The myth of eBooks vs paperbacks

I watch the news more than anything else (bit of a junkie, really) and when a story about books or publishing crops up, out comes the remote, up goes the volume. I love it when the literary world gets a bit of TV coverage, not just because I’m interested in it, but because I know it’s good for the industry.

However, according to a piece I just watched on the BBC News Channel (and other well-informed outlets such as The Bookseller) the UK publishing industry is already in a relatively good state. Yay! Sales of paperbacks and hardbacks are up so and so percent, helped largely by a huge increase in sales of books to young people. Apparently, the physical book market is RECOVERING after the trend of eBooks EATING AWAY at its market share has died down.

No! No! No! No! I hate this poisonous narrative of eBooks vs paperbacks, of eBooks being portrayed as evil and accused of trying to kill the physical book. It’s so completely not true. I ask you to consider: might it just possibly maybe potentially be the case that, with a surge of sales to young people boosting physical book revenue, eBooks are the heroes and not the defeated villains of this tale?

Let me explain. What do young people have? Devices. Kindles, smartphones, tablets; all of these things can download eBook files, often for a fraction of the price of the equivalent paperback. THEY. GET. YOUNG. PEOPLE. READING. And once young people have been bitten by the reading bug, they want to be bitten again (not a Twilight gag). If a young person takes a punt on and enjoys a cheap eBook they found online, they’ll want to talk about it. They’ll want to read everything else by the author, they’ll want to own a physical copy that they can treasure. They’ll go into a book shop to buy the book, either for themselves or maybe as a present for someone else. They see more books in said book shop. They might even buy some of those too. I know this because it happened to me. I’ve never spent more money on paperbacks than I have since I started downloading eBooks. Anecdotal evidence, yes, but I know plenty of other people it’s happened to as well.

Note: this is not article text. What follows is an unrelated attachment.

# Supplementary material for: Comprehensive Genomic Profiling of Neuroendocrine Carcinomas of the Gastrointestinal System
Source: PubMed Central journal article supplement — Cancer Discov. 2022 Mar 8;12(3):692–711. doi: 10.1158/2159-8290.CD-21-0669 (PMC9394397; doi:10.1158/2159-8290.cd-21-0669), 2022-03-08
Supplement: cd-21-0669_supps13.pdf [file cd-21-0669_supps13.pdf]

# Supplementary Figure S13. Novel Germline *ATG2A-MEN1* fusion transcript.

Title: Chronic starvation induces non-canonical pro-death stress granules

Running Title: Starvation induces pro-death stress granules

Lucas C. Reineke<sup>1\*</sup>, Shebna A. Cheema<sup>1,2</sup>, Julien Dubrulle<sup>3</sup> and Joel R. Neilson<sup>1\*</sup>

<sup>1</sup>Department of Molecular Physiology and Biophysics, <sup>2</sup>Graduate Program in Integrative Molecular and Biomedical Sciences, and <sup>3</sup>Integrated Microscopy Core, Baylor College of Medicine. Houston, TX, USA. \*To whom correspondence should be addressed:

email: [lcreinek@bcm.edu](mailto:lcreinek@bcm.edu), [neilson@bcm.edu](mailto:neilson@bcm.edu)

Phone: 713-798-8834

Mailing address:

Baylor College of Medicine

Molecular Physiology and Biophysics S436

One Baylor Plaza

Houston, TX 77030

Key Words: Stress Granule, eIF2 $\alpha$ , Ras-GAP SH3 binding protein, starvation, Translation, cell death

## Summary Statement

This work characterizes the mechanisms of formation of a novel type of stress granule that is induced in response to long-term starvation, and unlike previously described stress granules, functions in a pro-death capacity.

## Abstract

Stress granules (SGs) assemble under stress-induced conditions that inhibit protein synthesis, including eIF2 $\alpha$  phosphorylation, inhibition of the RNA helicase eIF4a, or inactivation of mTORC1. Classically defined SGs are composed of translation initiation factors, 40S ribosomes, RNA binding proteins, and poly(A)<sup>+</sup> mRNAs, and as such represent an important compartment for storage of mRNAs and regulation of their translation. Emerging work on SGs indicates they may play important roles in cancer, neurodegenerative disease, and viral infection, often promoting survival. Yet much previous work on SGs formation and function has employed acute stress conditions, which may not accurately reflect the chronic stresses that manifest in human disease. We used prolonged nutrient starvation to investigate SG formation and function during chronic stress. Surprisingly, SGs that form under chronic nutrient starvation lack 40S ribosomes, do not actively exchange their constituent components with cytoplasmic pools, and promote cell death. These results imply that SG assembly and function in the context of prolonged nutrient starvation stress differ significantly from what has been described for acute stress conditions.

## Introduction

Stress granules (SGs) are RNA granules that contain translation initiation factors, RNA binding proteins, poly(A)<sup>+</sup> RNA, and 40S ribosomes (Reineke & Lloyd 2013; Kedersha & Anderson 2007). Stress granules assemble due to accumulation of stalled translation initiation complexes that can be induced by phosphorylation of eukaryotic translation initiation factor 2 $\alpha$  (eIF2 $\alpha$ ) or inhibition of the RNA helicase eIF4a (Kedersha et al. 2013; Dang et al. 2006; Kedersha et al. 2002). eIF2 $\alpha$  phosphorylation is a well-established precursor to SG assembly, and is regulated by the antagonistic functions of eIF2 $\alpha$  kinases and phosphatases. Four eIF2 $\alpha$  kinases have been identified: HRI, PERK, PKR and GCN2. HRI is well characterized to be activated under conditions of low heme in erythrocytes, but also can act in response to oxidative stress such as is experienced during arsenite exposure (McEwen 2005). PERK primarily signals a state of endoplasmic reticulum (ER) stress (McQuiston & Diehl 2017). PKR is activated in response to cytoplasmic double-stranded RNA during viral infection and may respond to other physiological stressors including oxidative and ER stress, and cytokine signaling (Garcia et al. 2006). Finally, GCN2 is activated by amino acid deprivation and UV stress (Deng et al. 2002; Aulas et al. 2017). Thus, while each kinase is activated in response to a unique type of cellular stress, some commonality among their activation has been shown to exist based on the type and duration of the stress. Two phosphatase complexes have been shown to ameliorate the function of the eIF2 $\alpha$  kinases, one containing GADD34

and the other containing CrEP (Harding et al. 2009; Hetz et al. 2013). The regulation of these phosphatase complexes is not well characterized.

Let me get one thing straight. I don’t hate physical books (I don’t hate the BBC either, I used to be a spotty, awkward intern there), I love physical books (and the BBC). But eBooks are not a disease threatening to wipe out the paperback. They are not an evil force intent on closing down all book shops. If anything, they might just have saved the industry.

6 thoughts on “The myth of eBooks vs paperbacks

  1. Totally agree! If anything, I spend more on books than I have ever done because I buy ebooks and paperbacks. I like both. You can’t beat the feel and smell of a paperback, but I can take a library of books with me on holiday on my kindle.

  2. Excellent post! I disagree with tt urban myth that says people retain less information when they read ebooks too. (Given that I study via ebooks and get As!)

  3. In my case, I like a kindle for uni reading (fits in my bag), but I need a physical copy so I can refer to it in any papers. I just did it with Phillip Roth’s ‘The Plot Against America’ (thoroughly recommend, by the by). EBooks are my choice for on the go/holidays, but there’s nothing like sitting at home comfy with a proper book.

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